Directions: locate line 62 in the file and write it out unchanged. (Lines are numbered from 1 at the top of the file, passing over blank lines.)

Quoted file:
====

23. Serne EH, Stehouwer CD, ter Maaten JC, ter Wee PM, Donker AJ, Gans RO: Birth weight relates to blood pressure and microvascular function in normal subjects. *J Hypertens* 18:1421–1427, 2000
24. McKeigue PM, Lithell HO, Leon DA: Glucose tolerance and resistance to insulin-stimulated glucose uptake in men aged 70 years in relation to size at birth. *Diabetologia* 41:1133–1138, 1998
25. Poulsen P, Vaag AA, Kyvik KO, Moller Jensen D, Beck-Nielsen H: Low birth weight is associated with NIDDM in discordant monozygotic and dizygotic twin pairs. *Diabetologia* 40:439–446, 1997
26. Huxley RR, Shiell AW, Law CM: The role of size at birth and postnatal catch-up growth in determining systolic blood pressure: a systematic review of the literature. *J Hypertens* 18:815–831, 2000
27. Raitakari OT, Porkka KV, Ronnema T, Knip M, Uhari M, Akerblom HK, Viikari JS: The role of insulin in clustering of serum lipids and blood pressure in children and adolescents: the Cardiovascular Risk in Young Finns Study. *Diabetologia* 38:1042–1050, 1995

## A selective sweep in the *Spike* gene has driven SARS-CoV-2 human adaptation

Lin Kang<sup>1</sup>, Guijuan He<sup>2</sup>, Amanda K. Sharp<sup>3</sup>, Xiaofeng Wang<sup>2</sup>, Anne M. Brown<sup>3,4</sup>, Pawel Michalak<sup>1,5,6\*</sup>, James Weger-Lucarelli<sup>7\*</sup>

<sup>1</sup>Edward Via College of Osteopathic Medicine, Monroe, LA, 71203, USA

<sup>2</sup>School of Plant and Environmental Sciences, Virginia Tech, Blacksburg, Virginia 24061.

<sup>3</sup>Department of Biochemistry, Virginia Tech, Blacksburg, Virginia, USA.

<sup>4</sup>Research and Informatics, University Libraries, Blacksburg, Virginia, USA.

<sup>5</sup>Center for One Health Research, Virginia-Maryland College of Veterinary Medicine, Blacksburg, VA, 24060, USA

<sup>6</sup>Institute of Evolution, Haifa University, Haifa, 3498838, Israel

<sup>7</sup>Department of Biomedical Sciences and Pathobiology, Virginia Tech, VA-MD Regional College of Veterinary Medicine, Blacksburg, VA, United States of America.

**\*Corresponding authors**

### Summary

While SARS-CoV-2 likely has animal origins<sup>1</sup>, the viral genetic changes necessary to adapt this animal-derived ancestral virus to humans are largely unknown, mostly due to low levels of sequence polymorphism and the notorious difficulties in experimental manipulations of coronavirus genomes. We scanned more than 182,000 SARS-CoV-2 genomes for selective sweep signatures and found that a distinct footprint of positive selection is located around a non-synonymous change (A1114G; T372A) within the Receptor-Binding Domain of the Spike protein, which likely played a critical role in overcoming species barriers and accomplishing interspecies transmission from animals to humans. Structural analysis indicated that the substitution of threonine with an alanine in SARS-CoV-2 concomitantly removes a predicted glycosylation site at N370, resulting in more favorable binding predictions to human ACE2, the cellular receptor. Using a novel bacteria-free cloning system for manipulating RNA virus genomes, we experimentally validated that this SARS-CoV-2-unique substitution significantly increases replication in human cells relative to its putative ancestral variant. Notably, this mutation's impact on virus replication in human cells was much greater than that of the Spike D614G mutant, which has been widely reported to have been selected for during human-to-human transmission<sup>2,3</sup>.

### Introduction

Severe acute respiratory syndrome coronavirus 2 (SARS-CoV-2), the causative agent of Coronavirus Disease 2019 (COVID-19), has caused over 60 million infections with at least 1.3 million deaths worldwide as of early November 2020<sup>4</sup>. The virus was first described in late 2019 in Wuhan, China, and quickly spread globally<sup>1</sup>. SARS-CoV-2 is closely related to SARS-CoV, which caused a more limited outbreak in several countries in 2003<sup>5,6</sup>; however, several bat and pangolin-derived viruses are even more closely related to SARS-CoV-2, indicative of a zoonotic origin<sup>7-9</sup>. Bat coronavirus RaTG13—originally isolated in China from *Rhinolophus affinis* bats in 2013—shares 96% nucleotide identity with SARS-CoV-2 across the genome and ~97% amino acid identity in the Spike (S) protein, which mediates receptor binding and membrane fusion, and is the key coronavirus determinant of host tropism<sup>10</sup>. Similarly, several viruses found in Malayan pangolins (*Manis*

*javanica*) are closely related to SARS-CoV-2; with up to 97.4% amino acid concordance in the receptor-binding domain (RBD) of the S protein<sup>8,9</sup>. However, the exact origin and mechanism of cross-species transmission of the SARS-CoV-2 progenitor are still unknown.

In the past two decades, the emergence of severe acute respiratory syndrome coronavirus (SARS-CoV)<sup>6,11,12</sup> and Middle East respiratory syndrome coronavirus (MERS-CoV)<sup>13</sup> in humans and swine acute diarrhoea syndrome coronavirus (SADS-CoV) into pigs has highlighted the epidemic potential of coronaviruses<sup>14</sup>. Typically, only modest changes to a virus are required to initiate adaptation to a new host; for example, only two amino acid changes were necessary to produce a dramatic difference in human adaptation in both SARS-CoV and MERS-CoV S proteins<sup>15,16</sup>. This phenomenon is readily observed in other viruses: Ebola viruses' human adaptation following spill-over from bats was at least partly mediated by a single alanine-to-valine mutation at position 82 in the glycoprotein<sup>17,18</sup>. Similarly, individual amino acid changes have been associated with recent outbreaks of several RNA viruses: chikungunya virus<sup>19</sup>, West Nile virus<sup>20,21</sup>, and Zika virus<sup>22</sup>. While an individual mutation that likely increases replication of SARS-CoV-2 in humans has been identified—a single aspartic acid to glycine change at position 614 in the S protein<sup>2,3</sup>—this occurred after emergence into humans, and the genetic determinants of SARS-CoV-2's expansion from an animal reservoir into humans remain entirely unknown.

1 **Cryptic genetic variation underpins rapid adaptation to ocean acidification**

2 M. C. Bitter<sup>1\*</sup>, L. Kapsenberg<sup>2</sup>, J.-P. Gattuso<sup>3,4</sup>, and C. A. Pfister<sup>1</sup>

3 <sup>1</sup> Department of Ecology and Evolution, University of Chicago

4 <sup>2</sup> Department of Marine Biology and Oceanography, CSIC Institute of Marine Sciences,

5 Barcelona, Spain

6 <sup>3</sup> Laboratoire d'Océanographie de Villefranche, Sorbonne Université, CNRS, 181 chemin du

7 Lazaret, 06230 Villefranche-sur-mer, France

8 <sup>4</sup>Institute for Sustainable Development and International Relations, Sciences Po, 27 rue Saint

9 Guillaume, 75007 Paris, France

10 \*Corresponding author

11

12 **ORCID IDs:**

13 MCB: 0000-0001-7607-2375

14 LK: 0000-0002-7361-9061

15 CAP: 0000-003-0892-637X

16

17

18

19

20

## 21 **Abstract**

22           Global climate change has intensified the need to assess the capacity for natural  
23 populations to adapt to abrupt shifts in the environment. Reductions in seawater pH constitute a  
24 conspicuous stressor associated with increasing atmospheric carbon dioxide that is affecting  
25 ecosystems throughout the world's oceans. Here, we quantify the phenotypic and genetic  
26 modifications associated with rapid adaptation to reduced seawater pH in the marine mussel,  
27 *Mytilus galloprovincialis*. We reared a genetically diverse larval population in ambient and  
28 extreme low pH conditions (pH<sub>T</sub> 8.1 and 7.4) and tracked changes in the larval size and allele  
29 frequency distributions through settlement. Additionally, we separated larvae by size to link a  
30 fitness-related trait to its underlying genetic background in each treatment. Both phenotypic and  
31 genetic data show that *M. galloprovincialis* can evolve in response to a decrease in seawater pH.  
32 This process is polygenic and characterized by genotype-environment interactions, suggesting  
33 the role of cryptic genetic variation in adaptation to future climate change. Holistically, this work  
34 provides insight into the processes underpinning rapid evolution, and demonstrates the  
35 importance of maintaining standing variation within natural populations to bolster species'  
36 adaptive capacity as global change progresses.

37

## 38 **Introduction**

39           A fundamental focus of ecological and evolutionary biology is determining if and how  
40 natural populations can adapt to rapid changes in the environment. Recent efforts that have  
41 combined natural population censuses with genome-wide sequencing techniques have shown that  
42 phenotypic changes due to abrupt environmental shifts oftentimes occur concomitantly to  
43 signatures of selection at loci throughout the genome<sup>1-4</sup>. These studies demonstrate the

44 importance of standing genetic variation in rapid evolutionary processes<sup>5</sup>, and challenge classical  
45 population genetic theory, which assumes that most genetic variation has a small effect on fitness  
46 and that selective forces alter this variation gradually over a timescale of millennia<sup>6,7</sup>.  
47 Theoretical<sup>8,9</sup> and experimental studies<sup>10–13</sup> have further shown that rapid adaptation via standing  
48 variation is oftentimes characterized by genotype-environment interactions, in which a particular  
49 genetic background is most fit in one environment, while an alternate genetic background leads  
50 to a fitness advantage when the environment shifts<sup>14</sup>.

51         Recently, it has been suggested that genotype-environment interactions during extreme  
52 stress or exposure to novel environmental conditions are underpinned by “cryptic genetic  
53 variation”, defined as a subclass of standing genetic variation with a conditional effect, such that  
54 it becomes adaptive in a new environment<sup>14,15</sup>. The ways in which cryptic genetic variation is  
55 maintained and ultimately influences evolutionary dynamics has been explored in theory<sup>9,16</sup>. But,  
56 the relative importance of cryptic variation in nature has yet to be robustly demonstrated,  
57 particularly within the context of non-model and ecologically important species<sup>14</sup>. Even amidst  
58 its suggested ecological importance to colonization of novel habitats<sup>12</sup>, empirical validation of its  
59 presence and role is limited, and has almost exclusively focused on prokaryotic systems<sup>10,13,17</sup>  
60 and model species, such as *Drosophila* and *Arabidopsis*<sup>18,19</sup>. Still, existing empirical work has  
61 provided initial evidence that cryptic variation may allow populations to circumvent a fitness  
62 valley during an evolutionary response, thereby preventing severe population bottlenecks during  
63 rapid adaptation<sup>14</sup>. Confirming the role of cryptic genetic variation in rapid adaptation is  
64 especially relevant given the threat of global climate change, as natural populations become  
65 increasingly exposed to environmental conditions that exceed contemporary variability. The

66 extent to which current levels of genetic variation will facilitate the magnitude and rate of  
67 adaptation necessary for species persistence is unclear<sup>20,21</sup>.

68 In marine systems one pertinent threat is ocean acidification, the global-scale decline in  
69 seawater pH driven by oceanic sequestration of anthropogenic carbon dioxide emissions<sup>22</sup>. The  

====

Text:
41 combined natural population censuses with genome-wide sequencing techniques have shown that  